2. Lovinmesomesephora

    My favorite lie: “As long as God keeps making baby girls, you will never run out of customers”
    But we have to wait 18 years to get some new ones…. or track customer’s offspring on the back of the profile card.

  3. MLM Radar

    Mary Kay has been around for over 50 years, and recruits thousands of women every month.

    If the products are as easy to sell as they want you to believe, why have they never been able to grow beyond that magic 10% level?

    If the company gives women such a wonderful opportunity, why is Seminar attendance falling every year?

    All you have to do to check the saturation level of Mary Kay products in the market is go to eBay and search for Mary Kay offerings. There are normally over 60,000 listings, at 50% or more off with free shipping, and most of those listings will expire with no bids and no sales.

  4. enorth

    “The market is not saturated” is an oft-repeated fable. Along with:
    – MK has more vehicles on the road than anyone, second only to the U.S. government.
    – MK has more vehicles on the road than anyone, second only to UPS.
    – MK is taught at Harvard, Yale, Stanford, and other business-schools across the U.S.
    – MK is the #1-selling brand of skincare and color cosmetics in the U.S.
    – MK products are FDA-approved.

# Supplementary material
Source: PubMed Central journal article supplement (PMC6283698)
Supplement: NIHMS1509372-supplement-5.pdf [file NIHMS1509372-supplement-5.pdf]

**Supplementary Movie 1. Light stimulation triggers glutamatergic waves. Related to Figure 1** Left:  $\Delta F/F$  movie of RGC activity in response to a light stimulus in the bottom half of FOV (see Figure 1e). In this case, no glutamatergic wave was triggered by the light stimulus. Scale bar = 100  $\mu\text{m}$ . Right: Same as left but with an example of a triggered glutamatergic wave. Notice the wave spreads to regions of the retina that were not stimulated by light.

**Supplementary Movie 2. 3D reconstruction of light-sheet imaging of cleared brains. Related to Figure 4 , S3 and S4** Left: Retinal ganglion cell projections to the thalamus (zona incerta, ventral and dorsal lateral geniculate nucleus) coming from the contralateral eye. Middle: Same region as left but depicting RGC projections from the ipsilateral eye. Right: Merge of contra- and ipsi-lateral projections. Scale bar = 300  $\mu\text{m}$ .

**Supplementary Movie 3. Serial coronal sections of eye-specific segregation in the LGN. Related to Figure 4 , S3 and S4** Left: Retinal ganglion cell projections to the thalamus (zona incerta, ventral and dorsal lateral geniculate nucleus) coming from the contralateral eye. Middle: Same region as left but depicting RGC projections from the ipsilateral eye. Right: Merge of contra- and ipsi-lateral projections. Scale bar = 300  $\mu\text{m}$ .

– MK products have the Good Housekeeping Seal of Approval.
    – MK has more women millionaires than any other company.

    And, I’ll end here with a line I heard a Sales Director tell new IBCs in a training class:
    “OK, now, everyone nod like little bobble-head dolls.”

  5. cindylu

    The market is saturated because of all the financial and other pain caused to IBC’s and directors across the world for 50 years. Whether or not PT existed and even before the internet, the word was out to avoid MK. I heard MK was a cult and an mlm decades ago. I tried speaking with MK Corp about my director decades ago an they did not care. If MK was so great, they would be endorsed by a top celebrity and often in real magazines. Instead consultants are left to flog these ever changing products at open houses (where no one shows), at trade shows, garage sales, craft fairs and eventually ebay. Everyone has heard of MK with the deception of top earners. The same top earners who can barely afford the rent on their tiny apartments. The fake it till you make it no longer works.